Leaving Gili Trawangan & How to Experience Space Travel
4am: The morning prayer.
I am woke by the morning call to prayer distortedly recited through the loudspeaker of the Masjid Baiturrahman mosque. A drawn out “Allāhu” followed by an abrupt “akbar” (‘Allah is the greatest’) is repeated four times. This takes around 10 minutes. It’s pitch black I’m disoriented and not sure if I’m awake, in a dream, or dead. When I first heard the prayers 4 days earlier I thought they were beautiful in a haunting way. Now I’m just pissed. The prayer goes on for an hour and before putting my earplugs in I think — at 5x a day this is the 21st prayer I’ve heard. I’m able to fall back asleep quickly as I am now very good at sleeping through noisy islamic prayer.
7am: I’m awake.
And I feel great! I had been battling a stomach bug the last few days that while not debilitating was no walk in the park. Thankfully the worst had past. The previous night had brought rain which in turn yielded the most pleasant temperature of the last 20 days in Indonesia. I decided after breakfast I would have a long swim in the ocean followed by a long shower. There was plenty of time to kill. I had a good calm feeling about the day. That attitude would help me later on.
10:30am: Pack it up.
In the process of packing I found a new way to secure my guitar which protects it more when I place my pack down. Kiwi is already beat to shit with a nasty fret buzz on the higher strings. When I get a moment I’ll restring her and layer plastic strips like stairs under the saddle to gradually raise the action. I made my way down to the dock and played a few songs with some Indo guys while waiting for the fast boat back to Bali.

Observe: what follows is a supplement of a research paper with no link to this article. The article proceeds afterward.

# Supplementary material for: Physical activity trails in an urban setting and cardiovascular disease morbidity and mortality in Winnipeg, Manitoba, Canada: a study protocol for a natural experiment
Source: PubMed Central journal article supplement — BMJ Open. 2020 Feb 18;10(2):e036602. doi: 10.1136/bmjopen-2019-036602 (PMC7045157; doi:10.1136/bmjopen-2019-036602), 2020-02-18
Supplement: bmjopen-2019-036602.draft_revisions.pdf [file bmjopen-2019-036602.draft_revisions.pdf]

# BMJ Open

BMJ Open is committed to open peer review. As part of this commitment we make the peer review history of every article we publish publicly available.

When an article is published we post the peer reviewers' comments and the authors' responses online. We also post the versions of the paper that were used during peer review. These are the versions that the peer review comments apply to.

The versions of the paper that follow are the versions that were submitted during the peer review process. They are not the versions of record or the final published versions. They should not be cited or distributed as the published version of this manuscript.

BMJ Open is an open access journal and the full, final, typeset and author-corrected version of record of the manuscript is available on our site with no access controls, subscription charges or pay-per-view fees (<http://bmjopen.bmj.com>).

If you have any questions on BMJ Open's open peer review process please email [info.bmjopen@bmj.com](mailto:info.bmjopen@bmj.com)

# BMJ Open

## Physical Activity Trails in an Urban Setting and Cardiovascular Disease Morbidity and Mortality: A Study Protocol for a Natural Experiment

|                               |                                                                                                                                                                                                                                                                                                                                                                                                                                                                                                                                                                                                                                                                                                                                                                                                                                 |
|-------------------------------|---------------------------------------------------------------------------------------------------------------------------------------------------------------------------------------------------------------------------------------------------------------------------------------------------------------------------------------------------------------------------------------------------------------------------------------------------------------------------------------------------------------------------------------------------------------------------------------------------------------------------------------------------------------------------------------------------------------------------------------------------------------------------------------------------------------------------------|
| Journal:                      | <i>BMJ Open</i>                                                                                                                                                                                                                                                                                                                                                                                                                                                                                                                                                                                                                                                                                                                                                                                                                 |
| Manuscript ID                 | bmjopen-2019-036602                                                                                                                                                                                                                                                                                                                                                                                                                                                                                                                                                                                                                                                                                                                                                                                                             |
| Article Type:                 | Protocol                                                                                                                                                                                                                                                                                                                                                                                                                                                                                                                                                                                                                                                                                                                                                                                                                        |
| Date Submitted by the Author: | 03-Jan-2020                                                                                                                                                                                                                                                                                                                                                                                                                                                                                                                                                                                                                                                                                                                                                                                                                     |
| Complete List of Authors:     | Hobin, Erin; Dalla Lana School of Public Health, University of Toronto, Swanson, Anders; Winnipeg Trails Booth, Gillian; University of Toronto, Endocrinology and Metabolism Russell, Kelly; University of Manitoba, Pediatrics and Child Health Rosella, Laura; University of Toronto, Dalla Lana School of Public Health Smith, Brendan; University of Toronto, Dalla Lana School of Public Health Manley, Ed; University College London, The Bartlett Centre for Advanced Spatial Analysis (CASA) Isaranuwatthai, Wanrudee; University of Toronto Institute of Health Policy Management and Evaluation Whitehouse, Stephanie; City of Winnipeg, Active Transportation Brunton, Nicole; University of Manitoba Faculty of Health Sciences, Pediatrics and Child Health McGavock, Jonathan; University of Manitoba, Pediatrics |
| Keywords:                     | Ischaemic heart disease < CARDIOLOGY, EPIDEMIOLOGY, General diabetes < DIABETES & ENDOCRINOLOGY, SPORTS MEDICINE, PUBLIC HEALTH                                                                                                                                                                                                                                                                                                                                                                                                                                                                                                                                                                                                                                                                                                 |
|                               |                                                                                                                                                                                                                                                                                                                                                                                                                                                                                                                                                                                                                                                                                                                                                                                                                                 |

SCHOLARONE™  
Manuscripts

12pm: Still waiting.
Walked over to check on the boats status. Engines are busted, and being repaired. The boat will be here at 2PM. I’ve got nowhere important to be so this doesn’t bother be all that much. I took a seat on a platform on the beach.
There was a family sitting opposite from me waiting for the same boat. A young dark skinned boy was playing with a plastic tennis racket set. A neon blue paddle with a bright yellow ball. He was frantic and his mother was urging him with growing annoyance to settle himself. At one point the boy quietly makes his way to a pastey older man sitting next to me who happened to look and sound a hell of a lot like Michael Caine. The boy places the handle of the paddle on the mans knee and the english fellow looks down and calmly says “I’m gonna slap you.” Then he slowly looks across to the boys mother and even calmer says “I swear to god, I’m gonna slap him.”
Holy shit! I was in shock. My mouth half open trying not to draw to much attention to myself. I briefly thought I was going to witness some 1st world domestic violence in a 3rd world country. No, that’s just silly. Surely I was missing something. And of course it all made sense when I heard the mother reply with the same calm British accent that I had not picked up on earlier as it was of no consequence. I just didn’t put it together. Once I processed that this was simply a father annoyed with his son and not some stranger threatening a small child with violence I had a good laugh about it.
The boy continued to furiously bounce around and when the ball landed in my lap we started up a game. After a few volleys the Mark & Senedra smiled and thanked me for keeping him entertained. I told them “I’m not sure which of us is having more fun!” Though I’m positive at one point is was me. We got to chatting about our trips. Mark and I grabbed a Bintang.
Some Indo guys who looked like peddlers started yelling to us and said to follow them. Everyone was a bit skeptical and some were arguing with the two. I asked what was going on? “YOU WANT BOAT?! GET OVER THERE!” The guy yelled point blank at me. With my head tilted back and a slight look of “I smell shit” on my face I politely said. “I. Will. Not. Good. Sir.” And he stormed off. But I eventually followed because I was having fun with it all and had nowhere else to be. Of course when we got to wherever he was telling us to go there was no boat and they were on the phone trying to work up some scheme. Mark and I had another Bintang.